Thomas Lowry's Ghost
View of Downtown Minneapolis from Munsingwear Factory (ca. 1925)
(image via MHS Visual Resources Database)

View of Downtown Minneapolis from Munsingwear Factory (ca. 1925)

(image via MHS Visual Resources Database)

Hennepin Ave between 10th & 11th St, Minneapolis. Shown: former central branch of the Minneapolis Public Library, . (ca. 1953)
(image via Minnesota Reflections)

Hennepin Ave between 10th & 11th St, Minneapolis. Shown: former central branch of the Minneapolis Public Library, . (ca. 1953)

(image via Minnesota Reflections)

Minneapolis makes good, a community of law abiding citizens (ca 1910)
(image via MHS Visual Resources Database)

Minneapolis makes good, a community of law abiding citizens (ca 1910)

(image via MHS Visual Resources Database)

On this day in 1935–one year after the resolution of the Teamsters’ Strike–police and workers again clashed in the streets of Minneapolis. When dawn broke on September 12, two people were dead and 28 injured after a gun battle erupted between police and a crowd protesting the labor policies of the Flour City Ornamental Iron Company.
The Flour City Ornamental Iron Company had been a fixture in the working-class Seward neighborhood since 1901. The company had been non-union and owner, Walter Tetzlaff, an active member of the Citizen’s Alliance, worked hard to ensure it remained that way.
In 1935–no doubt emboldened by the Teamsters’ victory–workers decided to challenge Tetzlaff. They organized collectively, forming a union that demanded a wage hike, a 40-hour work week and other workplace protections like a grievance and seniority system.
Tetzlaff rejected these demands. Workers responded by calling a strike, drawing support from other iron workers around Minneapolis, who also walked off the job. The factory managed to remain open, at least at first. Some employees remained loyal to their boss, even filing a restraining order against Union Local 1313. In July of 1935, Tetzlaff took out an ad in the Minneapolis Journal that called union supporters an “organized mob.” But as the strike dragged on, the factory was besieged. A hostile crowd threatened workers as they entered the building. Flour City was forced to close its doors.
The factory re-opened on July 25, after police escorted strike breakers into the building. By that night, union supporters had again surrounded the facility. The strike breakers were stoned. The factory went dark again.
Tetzlaff remained defiant, working with the Citizens’ Alliance to violate city ordinances and sneak workers into the facility. When the factory re-opened on September 9th –with a court order to house workers in the factory and under police protection–the union was ready. Protesters surrounded the building. The crowd threw rocks and shouted at the strike-breakers.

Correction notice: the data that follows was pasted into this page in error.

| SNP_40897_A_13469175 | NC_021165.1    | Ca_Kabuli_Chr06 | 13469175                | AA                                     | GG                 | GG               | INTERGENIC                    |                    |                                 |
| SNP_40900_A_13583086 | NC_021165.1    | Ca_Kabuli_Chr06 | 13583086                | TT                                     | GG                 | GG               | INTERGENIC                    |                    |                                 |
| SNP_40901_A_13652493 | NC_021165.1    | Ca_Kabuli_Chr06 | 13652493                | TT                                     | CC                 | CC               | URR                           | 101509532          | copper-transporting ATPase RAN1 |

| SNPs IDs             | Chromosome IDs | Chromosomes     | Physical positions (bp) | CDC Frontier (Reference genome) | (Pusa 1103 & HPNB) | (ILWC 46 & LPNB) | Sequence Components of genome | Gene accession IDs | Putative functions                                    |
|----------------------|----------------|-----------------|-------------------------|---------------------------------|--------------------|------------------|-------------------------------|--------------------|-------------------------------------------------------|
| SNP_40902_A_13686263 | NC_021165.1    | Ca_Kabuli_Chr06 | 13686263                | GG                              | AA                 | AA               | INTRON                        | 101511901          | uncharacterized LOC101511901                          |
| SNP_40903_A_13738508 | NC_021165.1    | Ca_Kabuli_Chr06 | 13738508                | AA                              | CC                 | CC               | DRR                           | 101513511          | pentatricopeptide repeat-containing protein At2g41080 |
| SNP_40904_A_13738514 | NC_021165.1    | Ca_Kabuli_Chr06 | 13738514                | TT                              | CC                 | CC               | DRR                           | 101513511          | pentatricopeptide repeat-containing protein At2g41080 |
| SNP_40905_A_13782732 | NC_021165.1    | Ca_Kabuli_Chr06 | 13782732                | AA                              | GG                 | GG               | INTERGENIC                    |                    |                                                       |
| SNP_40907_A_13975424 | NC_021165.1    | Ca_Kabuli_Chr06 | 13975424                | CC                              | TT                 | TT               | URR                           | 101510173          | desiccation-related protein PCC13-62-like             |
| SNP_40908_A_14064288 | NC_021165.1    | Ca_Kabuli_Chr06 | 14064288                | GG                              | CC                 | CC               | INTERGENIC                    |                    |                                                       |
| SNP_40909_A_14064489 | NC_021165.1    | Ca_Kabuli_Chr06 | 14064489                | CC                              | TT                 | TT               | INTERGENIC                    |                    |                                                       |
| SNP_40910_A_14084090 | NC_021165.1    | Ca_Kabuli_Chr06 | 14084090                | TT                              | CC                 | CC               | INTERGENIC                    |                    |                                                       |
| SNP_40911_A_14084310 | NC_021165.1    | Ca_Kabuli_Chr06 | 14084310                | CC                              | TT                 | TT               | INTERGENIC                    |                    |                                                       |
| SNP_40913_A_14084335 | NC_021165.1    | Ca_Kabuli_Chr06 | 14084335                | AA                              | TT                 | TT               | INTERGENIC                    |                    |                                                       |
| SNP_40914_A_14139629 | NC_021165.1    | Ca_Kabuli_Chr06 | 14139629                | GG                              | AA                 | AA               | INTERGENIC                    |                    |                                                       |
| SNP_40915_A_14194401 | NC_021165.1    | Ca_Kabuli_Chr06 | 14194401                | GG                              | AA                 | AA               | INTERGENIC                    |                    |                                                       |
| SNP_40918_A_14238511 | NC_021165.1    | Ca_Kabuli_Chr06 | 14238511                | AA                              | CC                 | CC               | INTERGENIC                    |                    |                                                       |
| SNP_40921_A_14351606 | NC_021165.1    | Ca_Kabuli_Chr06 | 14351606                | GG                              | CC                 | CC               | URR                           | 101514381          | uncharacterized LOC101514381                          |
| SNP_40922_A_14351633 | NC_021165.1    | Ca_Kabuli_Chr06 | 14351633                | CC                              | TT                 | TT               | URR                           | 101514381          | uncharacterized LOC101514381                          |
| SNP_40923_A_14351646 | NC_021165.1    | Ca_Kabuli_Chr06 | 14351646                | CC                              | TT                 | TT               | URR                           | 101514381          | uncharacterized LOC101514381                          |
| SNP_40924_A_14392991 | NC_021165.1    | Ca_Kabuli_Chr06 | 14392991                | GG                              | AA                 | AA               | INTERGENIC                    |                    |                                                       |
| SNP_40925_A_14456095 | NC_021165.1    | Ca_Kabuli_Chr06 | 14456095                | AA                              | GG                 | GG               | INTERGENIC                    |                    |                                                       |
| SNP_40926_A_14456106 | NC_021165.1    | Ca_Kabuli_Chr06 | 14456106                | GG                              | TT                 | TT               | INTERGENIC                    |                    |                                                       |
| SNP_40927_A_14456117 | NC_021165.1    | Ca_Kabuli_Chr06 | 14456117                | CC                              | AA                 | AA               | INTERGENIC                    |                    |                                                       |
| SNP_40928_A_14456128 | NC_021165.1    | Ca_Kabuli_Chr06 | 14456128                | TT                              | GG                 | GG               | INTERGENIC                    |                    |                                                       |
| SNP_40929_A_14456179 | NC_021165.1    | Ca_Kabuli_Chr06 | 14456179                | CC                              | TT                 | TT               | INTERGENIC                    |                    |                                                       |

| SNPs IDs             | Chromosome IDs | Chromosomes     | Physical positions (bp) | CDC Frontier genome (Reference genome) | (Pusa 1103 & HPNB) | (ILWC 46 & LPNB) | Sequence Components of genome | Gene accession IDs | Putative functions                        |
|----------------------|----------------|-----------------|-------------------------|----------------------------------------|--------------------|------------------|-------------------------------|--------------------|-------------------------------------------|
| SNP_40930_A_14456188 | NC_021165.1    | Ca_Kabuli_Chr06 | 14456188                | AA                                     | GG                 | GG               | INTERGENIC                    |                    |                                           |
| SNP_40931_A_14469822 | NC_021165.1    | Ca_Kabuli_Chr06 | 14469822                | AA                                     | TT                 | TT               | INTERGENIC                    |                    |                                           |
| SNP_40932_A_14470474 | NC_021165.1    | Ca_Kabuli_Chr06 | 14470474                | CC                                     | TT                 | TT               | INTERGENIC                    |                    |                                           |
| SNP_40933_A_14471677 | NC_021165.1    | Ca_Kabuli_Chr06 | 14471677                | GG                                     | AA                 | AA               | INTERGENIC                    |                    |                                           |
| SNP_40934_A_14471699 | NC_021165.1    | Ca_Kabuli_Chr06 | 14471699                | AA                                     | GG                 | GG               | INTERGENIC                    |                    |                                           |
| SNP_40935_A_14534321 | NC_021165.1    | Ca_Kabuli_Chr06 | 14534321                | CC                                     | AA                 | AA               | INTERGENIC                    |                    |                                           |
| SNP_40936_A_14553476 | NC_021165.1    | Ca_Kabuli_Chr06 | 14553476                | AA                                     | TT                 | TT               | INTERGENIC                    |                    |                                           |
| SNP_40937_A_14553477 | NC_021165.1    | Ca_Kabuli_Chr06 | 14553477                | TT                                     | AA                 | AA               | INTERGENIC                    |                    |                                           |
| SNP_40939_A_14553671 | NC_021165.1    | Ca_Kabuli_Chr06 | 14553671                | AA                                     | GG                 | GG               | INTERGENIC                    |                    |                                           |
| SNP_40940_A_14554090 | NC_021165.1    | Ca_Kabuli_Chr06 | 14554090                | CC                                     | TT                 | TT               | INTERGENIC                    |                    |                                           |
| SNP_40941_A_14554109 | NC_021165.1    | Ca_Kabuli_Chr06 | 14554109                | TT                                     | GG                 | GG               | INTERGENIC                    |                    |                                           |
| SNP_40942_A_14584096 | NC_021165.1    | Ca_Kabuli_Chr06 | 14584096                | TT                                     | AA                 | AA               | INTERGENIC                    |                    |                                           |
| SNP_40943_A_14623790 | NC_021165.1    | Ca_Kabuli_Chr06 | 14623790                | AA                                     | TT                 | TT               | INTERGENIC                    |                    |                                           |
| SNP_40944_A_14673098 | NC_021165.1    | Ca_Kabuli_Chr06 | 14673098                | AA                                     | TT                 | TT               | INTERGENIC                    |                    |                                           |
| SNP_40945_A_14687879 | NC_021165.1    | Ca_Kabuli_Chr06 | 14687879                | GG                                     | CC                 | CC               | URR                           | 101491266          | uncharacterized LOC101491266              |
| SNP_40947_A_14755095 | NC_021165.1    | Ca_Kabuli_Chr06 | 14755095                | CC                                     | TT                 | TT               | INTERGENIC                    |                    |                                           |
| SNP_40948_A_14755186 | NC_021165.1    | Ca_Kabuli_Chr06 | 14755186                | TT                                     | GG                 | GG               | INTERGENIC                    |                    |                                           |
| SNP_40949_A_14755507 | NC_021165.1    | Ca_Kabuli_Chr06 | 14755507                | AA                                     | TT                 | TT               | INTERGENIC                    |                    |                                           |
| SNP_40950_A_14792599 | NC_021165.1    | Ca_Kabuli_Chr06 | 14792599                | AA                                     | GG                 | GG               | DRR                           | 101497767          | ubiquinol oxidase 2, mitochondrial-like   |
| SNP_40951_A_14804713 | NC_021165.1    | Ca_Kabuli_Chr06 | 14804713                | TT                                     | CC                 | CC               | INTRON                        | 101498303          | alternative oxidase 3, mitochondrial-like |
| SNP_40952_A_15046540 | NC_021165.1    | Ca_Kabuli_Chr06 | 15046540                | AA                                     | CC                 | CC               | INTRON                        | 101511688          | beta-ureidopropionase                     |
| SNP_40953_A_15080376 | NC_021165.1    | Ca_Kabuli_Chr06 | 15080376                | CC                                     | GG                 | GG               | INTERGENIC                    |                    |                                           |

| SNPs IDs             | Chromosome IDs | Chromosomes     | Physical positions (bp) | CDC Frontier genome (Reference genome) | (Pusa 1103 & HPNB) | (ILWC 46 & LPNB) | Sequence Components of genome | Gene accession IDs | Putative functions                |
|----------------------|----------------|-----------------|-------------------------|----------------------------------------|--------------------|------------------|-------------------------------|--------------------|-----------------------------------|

By the next night, September 10, the throng had swelled to 5000 people. The police used tear gas to drive protesters away. The next day, picketers were back in force. The police resorted again to tear gas, sending clouds of gas into the surrounding neighborhood and forcing bars and local businesses to close. But the protesters refused to leave. Police found themselves overwhelmed by wave after wave of union supporters.
The conflict came to a head just before midnight, when the crowd heard gun shots. A melee ensued. Hand-to-hand fighting broke out. Stones flew. Some protesters ran for cover, ducking down residential alleys and between houses.
Two hours later the battle was over. Two by-standers had been killed and 28 people had been injured. These casualties included a man who was shot in the arm as he sat on his back porch on 26th Avenue, another shot in the leg as he walked up the steps of his home on E. 26th Street and a woman who was hit in the face with a tear-gas bomb as she stepped off a streetcar. It was not clear who had done the shooting; police claimed that a group of picketers fired on them, union leaders denied the charges. Other claimed that Tetzlaff’s armed guards fired the shots.
Tetzlaff reached an agreement with strikers later in the month. The public largely forgot the battle in Seward. Flour City continued to operate until 1992.
(image and text via The Historyapolis Project)

On this day in 1935–one year after the resolution of the Teamsters’ Strike–police and workers again clashed in the streets of Minneapolis. When dawn broke on September 12, two people were dead and 28 injured after a gun battle erupted between police and a crowd protesting the labor policies of the Flour City Ornamental Iron Company.

The Flour City Ornamental Iron Company had been a fixture in the working-class Seward neighborhood since 1901. The company had been non-union and owner, Walter Tetzlaff, an active member of the Citizen’s Alliance, worked hard to ensure it remained that way.